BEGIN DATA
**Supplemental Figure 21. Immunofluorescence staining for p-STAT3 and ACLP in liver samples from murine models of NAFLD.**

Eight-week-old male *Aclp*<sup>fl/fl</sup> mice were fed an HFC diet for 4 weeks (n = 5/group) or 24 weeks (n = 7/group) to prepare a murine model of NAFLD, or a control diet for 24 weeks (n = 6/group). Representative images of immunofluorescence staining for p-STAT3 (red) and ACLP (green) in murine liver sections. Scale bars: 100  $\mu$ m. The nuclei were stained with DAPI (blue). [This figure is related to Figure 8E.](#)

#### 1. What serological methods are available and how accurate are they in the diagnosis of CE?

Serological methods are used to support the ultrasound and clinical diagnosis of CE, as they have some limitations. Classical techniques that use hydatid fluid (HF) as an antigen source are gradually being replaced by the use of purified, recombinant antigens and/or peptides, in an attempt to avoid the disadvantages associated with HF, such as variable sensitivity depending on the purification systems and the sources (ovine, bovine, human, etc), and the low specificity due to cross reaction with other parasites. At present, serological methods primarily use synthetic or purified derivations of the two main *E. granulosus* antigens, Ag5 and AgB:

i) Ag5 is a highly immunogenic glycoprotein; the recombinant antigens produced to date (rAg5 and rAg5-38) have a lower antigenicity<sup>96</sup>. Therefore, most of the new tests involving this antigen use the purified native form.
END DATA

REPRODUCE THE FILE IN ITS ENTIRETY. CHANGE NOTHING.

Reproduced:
**Supplemental Figure 21. Immunofluorescence staining for p-STAT3 and ACLP in liver samples from murine models of NAFLD.**

Eight-week-old male *Aclp*<sup>fl/fl</sup> mice were fed an HFC diet for 4 weeks (n = 5/group) or 24 weeks (n = 7/group) to prepare a murine model of NAFLD, or a control diet for 24 weeks (n = 6/group). Representative images of immunofluorescence staining for p-STAT3 (red) and ACLP (green) in murine liver sections. Scale bars: 100  $\mu$ m. The nuclei were stained with DAPI (blue). [This figure is related to Figure 8E.](#)

#### 1. What serological methods are available and how accurate are they in the diagnosis of CE?

Serological methods are used to support the ultrasound and clinical diagnosis of CE, as they have some limitations. Classical techniques that use hydatid fluid (HF) as an antigen source are gradually being replaced by the use of purified, recombinant antigens and/or peptides, in an attempt to avoid the disadvantages associated with HF, such as variable sensitivity depending on the purification systems and the sources (ovine, bovine, human, etc), and the low specificity due to cross reaction with other parasites. At present, serological methods primarily use synthetic or purified derivations of the two main *E. granulosus* antigens, Ag5 and AgB:

i) Ag5 is a highly immunogenic glycoprotein; the recombinant antigens produced to date (rAg5 and rAg5-38) have a lower antigenicity<sup>96</sup>. Therefore, most of the new tests involving this antigen use the purified native form.